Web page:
In December 2008, the U.S. Securities and Exchange Commission (SEC) amended its rules governing the disclosure of acquisitions of U.S. registered voting equity securities above certain thresholds in order to allow qualifying foreign institutional investors to make disclosures concerning passive positions using short-form Schedule 13G instead of the more demanding Schedule 13D.
At the same time, the SEC exempted qualifying foreign institutions holding passive positions from the filing requirements and potential short-swing profit recovery imposed on holders of more than 10 per cent of a class of U.S. registered equity securities.
Schedules 13D and 13G
When an entity acquires more than 5 per cent of a class of voting equity securities registered under Section 12 of the Securities Exchange Act, it must file a Schedule 13D within 10 days of the acquisition unless it qualifies to utilise Schedule 13G. Two types of owners can qualify to file a Schedule 13G: qualified institutional investors (QIIs) and other holders of passive interests (passive investors).
QIIs were confined historically to specified U.S. institutional investors unless a similar foreign entity went to the trouble and expense of obtaining its own exemption. Now, a foreign entity may file as a QII as long as it certifies that it is subject to a regulatory regime that is “substantially comparable” to a similar U.S. institutional investor and undertakes to provide the SEC (upon request) with the information that would be required in a Schedule 13D filing.
Benefits of Filing as a QII
Even before the December 2008 amendments, any person (or entity) could qualify as a passive investor if it certified that it did not acquire the securities with the “purpose … of changing or inf luencing control” of the issuer and maintained holdings of no more than 20 per cent of the applicable class. A passive investor must file within 10 days of an acquisition that pushes it past the 5 per cent threshold and make “prompt” amendments upon increasing its ownership past 10 per cent and for subsequent increases or decreases that change its position by 5 per cent.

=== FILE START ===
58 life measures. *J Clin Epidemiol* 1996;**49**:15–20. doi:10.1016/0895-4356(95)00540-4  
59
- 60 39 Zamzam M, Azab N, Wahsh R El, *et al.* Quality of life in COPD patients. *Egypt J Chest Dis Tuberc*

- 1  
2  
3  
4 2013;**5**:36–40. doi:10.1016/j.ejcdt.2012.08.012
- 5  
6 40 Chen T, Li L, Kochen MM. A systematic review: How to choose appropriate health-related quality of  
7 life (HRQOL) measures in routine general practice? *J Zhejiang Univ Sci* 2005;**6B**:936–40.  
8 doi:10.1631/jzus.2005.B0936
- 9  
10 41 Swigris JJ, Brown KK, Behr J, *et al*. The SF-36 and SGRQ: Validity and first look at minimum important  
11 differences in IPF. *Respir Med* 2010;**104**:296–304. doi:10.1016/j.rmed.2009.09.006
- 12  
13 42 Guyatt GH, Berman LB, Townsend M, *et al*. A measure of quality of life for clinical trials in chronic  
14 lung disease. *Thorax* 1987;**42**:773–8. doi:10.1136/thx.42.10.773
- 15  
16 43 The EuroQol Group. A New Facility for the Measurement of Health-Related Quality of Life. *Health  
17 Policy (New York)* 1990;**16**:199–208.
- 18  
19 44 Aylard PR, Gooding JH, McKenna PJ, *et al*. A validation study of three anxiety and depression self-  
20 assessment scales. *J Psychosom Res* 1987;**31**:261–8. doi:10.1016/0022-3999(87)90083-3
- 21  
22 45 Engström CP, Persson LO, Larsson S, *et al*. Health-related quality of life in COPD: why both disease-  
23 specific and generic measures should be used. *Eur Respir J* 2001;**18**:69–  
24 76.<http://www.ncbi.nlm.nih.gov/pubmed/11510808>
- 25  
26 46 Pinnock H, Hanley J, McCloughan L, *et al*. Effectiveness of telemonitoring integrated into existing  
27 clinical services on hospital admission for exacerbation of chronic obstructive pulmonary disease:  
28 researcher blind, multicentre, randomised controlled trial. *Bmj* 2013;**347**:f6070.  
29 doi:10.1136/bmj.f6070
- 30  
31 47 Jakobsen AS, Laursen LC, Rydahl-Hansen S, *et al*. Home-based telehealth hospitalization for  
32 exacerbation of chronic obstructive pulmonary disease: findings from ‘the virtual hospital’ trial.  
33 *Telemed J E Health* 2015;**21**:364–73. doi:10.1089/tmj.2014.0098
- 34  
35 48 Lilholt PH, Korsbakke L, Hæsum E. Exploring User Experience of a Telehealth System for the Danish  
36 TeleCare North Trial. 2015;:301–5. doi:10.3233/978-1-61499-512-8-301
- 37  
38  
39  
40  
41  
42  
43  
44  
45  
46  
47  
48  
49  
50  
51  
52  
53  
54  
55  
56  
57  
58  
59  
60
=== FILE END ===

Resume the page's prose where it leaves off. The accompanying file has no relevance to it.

By contrast, although still subject to the “passivity” requirement, a QII filing on Schedule 13G is not subject to the 20 per cent limitation and can file initially up to 45 days after the end of a year in which its year-end holding exceeds 5 per cent. Additionally, upon increasing its ownership past 10 per cent and for any subsequent increases or decreases that change its position by 5 per cent, a passive QII can file up to 10 days past the end of the month in which the filing threshold is reached.
Both kinds of Schedule 13G filers must also update their filings to show year-end changes.
Section 16 Short-Swing Profit Exemption
Offshore passive QIIs now also enjoy an exemption from the rigorous transactional reporting requirements imposed under Section 16(a) of the Securities Exchange Act that otherwise apply when a person holds more than 10 per cent of a class of equity securities registered under Section 12 of the Act. This carries with it an exemption from potential “short-swing” profit recovery imposed by Section 16(b) upon 10 per cent owners for purchases and sales (or sales and purchases) within six months. By contrast, passive Schedule 13G filers that are not QIIs remain subject to the Section 16 regime.